A two-day bus trip to various locations in Nebraska in early September will offer beginning and young Iowa beef producers unique networking and educational opportunities. Iowa State University Extension and Outreach beef program specialist Chris Clark said the trip is an organized activity of the Beginning and Young Livestock Producer Network (BYLPN) and includes visits to several operations to provide a wide variety of information, experiences, and discussions.

“We’ll have stops at several different beef operations, a packing facility and the USDA Meat Animal Research Center in Clay Center, Nebraska,” Clark said. “Our tour guide, Jacob Mayer of Settje Agri-Services & Engineering, Inc. has been very helpful in identifying and scheduling places with different approaches and strengths, and he’ll be able to help facilitate some good discussions on the trip.”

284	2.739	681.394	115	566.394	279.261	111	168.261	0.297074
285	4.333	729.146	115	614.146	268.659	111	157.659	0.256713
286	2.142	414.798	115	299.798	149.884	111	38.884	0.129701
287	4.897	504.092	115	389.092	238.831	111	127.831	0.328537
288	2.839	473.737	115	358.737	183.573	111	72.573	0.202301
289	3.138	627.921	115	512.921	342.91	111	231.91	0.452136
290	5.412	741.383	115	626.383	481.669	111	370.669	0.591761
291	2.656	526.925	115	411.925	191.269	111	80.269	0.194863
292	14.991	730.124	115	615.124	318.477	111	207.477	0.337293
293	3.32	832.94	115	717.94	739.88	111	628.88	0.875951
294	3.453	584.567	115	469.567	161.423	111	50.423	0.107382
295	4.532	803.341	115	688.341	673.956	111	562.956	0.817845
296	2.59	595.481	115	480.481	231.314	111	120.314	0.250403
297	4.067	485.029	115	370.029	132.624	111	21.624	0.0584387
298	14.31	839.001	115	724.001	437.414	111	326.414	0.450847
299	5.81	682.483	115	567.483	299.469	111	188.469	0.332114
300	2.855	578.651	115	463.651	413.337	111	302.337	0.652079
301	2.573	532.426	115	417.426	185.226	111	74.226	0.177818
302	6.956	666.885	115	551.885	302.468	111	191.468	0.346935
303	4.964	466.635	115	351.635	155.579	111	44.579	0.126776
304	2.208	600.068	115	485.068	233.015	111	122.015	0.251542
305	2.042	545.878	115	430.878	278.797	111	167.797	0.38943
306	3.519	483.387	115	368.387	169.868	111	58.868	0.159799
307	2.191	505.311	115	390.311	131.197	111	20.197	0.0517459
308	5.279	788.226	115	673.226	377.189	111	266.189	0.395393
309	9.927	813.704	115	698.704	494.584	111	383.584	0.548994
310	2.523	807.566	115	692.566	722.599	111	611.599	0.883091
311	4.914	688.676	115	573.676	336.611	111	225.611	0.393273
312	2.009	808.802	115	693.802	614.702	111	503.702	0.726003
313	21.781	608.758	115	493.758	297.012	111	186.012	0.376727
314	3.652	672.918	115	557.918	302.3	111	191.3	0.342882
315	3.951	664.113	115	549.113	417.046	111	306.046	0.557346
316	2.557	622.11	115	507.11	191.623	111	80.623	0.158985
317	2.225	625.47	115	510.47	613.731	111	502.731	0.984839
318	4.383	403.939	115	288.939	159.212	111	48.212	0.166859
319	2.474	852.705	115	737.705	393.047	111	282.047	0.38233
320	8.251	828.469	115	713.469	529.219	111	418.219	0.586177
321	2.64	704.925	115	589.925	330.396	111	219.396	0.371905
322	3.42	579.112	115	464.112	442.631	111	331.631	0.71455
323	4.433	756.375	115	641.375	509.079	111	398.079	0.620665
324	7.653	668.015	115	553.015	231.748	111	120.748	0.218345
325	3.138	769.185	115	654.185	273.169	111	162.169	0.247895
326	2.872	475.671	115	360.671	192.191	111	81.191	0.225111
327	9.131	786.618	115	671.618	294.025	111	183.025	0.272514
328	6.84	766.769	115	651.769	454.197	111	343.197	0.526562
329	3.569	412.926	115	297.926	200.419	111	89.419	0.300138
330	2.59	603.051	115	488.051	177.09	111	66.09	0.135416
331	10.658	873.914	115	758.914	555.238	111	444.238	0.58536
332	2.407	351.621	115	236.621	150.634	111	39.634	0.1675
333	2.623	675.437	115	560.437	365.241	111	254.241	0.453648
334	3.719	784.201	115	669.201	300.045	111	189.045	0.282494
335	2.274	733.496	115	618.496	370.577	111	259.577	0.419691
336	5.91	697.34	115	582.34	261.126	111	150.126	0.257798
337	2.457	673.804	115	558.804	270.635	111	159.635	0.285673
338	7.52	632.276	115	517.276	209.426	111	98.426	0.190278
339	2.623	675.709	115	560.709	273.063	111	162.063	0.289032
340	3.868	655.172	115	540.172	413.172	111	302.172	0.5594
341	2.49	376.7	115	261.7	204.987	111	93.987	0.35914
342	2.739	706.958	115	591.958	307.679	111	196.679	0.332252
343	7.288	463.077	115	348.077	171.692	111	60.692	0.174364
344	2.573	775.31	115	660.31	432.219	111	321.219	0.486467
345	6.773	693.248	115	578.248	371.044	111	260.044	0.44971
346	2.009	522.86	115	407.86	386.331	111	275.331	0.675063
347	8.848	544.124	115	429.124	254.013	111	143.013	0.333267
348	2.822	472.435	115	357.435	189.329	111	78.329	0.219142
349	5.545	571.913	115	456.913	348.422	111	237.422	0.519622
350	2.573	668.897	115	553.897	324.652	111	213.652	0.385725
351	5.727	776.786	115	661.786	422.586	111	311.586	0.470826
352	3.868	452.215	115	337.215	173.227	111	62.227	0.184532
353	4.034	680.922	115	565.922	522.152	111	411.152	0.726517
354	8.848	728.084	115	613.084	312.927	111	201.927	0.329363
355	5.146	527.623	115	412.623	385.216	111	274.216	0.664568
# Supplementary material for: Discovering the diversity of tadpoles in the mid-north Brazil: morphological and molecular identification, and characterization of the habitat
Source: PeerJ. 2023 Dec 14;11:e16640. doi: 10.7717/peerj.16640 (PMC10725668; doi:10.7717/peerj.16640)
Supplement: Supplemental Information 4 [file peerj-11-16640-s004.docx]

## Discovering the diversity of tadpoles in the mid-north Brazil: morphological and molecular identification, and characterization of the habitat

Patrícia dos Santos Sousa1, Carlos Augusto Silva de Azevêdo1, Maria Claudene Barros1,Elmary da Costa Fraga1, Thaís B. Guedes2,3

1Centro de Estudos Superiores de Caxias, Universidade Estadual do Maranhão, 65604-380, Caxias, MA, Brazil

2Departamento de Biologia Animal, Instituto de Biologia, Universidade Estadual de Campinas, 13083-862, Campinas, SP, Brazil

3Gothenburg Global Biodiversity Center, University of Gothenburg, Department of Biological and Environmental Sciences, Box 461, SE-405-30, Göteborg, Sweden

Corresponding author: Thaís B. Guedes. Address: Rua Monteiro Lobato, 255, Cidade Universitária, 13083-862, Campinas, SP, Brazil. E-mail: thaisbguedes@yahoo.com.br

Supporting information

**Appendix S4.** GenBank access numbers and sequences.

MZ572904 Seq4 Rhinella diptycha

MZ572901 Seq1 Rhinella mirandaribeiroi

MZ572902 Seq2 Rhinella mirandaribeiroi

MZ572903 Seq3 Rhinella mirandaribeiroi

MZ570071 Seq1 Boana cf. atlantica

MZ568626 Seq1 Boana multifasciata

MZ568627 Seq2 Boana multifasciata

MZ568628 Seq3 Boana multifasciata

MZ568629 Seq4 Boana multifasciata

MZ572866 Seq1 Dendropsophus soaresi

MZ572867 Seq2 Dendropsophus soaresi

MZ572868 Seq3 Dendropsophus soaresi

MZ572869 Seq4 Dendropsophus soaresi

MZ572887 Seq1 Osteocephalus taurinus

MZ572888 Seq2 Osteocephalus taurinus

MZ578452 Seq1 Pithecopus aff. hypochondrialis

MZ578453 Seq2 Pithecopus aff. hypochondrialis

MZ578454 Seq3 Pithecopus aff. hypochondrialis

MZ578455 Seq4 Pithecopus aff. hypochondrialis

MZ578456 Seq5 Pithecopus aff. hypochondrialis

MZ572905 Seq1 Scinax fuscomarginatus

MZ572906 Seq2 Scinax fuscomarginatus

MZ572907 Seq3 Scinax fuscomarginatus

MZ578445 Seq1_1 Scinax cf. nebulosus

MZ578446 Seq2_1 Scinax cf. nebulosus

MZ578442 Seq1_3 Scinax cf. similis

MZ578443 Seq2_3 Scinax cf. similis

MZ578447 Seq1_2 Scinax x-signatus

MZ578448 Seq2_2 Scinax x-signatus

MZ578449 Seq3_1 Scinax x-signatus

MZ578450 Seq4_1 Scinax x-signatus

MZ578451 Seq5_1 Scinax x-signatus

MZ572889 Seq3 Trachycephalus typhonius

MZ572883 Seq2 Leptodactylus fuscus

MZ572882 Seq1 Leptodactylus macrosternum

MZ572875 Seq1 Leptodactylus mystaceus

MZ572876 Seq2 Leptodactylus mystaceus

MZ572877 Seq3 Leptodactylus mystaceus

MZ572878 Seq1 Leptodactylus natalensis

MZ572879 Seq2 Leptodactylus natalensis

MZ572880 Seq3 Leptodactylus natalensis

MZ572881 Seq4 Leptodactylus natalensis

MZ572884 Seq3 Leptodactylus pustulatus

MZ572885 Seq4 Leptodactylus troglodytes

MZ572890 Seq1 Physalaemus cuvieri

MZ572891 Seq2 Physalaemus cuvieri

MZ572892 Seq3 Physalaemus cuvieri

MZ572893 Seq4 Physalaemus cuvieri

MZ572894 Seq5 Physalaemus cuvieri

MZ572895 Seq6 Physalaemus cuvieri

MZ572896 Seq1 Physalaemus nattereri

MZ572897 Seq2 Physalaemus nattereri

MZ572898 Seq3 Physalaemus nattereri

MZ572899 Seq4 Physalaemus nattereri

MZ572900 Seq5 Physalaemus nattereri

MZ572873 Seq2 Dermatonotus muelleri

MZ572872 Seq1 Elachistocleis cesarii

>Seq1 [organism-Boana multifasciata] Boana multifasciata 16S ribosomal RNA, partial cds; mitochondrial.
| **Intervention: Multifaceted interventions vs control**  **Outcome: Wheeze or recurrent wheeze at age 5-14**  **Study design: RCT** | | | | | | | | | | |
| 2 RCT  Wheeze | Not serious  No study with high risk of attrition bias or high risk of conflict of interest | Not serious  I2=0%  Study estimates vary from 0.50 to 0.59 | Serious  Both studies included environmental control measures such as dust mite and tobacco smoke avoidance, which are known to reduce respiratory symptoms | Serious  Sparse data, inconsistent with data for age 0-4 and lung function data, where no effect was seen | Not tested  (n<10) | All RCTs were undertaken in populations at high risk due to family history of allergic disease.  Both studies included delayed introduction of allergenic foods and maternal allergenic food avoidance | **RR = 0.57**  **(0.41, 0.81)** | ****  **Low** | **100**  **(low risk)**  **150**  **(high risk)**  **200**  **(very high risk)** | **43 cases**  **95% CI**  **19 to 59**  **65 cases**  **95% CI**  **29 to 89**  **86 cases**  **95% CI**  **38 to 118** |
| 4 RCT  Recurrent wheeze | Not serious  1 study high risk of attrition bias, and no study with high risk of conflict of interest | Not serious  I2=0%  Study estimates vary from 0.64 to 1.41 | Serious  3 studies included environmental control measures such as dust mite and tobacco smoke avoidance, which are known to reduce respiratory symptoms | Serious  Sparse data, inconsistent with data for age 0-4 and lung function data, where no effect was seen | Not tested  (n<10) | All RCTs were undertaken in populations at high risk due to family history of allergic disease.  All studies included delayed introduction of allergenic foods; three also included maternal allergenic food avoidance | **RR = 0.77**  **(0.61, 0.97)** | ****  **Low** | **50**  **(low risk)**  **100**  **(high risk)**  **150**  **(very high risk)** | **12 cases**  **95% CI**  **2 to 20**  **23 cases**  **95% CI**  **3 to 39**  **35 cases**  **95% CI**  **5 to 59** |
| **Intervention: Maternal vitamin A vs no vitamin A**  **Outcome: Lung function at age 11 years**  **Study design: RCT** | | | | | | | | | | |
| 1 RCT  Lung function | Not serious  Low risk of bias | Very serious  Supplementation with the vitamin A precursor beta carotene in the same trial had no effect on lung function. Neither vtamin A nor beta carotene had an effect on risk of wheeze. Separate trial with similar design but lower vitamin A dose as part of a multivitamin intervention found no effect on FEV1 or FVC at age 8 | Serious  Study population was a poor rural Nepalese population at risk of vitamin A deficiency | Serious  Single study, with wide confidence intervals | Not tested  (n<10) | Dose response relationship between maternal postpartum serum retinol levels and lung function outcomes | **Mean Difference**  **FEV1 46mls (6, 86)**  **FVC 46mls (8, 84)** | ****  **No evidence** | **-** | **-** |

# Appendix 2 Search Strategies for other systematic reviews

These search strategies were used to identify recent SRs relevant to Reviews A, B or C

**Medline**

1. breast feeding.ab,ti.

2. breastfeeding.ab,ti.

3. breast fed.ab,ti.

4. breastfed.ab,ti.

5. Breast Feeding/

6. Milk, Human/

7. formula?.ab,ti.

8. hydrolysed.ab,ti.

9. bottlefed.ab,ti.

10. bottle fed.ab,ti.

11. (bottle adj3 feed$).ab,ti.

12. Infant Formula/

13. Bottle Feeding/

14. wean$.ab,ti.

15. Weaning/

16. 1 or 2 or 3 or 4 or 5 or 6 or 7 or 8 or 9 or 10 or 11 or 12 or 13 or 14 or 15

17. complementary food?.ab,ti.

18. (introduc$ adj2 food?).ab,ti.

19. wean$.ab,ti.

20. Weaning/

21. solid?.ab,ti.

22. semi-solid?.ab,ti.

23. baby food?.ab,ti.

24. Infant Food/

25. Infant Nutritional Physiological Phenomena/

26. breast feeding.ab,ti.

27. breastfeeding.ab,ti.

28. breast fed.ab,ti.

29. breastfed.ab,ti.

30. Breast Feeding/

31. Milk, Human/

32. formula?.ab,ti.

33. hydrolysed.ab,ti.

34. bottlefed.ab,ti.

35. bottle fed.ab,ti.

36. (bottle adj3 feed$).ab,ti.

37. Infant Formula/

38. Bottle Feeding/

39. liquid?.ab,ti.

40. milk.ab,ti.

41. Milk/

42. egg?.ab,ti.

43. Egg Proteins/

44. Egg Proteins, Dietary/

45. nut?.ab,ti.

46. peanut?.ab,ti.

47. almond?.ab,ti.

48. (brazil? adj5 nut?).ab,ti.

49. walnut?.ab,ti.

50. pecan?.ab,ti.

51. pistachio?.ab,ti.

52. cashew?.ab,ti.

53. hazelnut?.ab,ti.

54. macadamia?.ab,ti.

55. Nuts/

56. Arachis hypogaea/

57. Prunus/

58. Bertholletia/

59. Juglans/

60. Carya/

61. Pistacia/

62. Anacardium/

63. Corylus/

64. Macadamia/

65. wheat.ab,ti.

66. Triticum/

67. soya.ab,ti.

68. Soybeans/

The trip is set for Thursday and Friday, Sept. 4 and 5, with the bus departing from the Cass County Extension Office in Atlantic at 7 a.m. on Sept. 4. Additional pick-up locations may be added as necessary. The group will overnight at the Fairfield Inn & Suites, 805 Allen Dr., Grand Island, Nebraska, and return the evening of Sept. 5. A block of rooms has been reserved for Sept. 4 at the Fairfield Inn.

“Participants are responsible for their own hotel room fee and can make reservations at the Fairfield Inn & Suites by calling 308-381-8980 and asking for the group rate for Young Producers Group Block no later than Aug. 8,” Clark said. “After that date, rooms will be on an availability basis only.”

The BYLPN is a strategic initiative of ISU Extension and Outreach, with primary goals of creating regional peer groups of young and beginning livestock producers; and offering education, mentorship, and networking opportunities to participants.